Such computers could run a growing number of applications designed to tolerate "noisy" real-world inputs and use statistical or probabilistic types of computations, computer engineers at Purdue University said.
"The need for approximate computing is driven by two factors: a fundamental shift in the nature of computing workloads, and the need for new sources of efficiency," said researcher Anand Raghunathan.
"Computers were first designed to be precise calculators that solved problems where they were expected to produce an exact numerical value," he said. "However, the demand for computing today is driven by very different applications."
Current computers are designed to compute precise results even when it is not necessary, the researchers said, whereas approximate computing could endow computers with a capability similar to the human brain's ability to scale the degree of accuracy needed for a given task.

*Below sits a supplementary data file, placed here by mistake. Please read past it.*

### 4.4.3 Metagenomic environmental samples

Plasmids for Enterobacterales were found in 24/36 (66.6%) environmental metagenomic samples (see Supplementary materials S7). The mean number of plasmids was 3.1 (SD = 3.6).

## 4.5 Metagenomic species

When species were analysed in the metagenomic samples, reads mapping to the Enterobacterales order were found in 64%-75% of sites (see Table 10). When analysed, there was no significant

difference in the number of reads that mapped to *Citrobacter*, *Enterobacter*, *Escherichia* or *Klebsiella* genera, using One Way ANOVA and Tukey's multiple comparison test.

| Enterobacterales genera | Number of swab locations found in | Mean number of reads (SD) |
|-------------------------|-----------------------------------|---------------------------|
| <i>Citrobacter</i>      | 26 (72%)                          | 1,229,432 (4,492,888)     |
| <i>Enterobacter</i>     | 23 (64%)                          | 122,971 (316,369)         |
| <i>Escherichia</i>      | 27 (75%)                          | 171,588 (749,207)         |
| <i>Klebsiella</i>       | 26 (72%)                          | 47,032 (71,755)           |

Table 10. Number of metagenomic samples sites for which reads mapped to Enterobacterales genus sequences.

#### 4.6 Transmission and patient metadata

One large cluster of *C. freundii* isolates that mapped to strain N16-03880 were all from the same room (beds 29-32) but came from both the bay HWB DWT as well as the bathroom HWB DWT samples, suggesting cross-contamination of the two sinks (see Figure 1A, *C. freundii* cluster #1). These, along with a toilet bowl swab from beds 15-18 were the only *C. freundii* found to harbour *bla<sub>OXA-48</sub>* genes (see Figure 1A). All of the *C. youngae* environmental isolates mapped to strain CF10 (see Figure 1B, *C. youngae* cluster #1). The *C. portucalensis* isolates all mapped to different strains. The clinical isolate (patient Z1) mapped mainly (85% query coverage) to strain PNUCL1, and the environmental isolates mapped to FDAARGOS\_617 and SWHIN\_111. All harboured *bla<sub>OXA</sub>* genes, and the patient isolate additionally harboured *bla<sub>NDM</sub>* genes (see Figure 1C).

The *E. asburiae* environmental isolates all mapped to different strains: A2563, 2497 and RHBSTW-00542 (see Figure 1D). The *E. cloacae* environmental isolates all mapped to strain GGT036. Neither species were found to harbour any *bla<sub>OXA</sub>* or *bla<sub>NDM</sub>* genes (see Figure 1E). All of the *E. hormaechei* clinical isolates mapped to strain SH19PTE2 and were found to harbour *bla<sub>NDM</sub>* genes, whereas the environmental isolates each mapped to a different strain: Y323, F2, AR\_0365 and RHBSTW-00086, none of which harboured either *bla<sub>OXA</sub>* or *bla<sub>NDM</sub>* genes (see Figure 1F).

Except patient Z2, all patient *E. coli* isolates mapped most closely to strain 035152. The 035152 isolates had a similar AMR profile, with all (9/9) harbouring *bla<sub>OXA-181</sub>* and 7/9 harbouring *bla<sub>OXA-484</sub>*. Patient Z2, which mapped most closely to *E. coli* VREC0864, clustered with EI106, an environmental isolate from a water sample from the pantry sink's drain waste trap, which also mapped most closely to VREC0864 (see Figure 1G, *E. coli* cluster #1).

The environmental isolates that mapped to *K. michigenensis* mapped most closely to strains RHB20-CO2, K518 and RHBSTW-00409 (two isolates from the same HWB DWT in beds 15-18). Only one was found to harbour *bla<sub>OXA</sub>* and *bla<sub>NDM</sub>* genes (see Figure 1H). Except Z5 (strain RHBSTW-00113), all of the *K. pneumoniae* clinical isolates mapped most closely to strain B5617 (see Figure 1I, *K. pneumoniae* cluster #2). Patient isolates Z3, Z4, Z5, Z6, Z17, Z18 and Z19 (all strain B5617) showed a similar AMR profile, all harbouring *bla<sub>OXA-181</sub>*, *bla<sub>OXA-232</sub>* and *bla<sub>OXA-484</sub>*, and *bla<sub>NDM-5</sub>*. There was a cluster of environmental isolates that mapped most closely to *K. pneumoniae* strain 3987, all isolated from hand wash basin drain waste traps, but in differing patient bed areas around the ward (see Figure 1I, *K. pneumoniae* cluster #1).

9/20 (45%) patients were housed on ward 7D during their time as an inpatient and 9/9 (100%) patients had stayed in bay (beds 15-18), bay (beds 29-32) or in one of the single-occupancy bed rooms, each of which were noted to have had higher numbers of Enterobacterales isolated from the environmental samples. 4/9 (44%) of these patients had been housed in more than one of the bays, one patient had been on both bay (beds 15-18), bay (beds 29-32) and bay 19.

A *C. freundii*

"If I asked you to divide 500 by 21 and I asked you whether the answer is greater than one, you would say yes right away," Raghunathan said. "You are doing division but not to the full accuracy. If I asked you whether it is greater than 30, you would probably take a little longer, but if I ask you if it's greater than 23, you might have to think even harder.
"The application context dictates different levels of effort, and humans are capable of this scalable approach, but computer software and hardware are not like that."
Purdue researchers said they're working on a range of hardware techniques to demonstrate approximate computing, showing a potential for improvements in energy efficiency.
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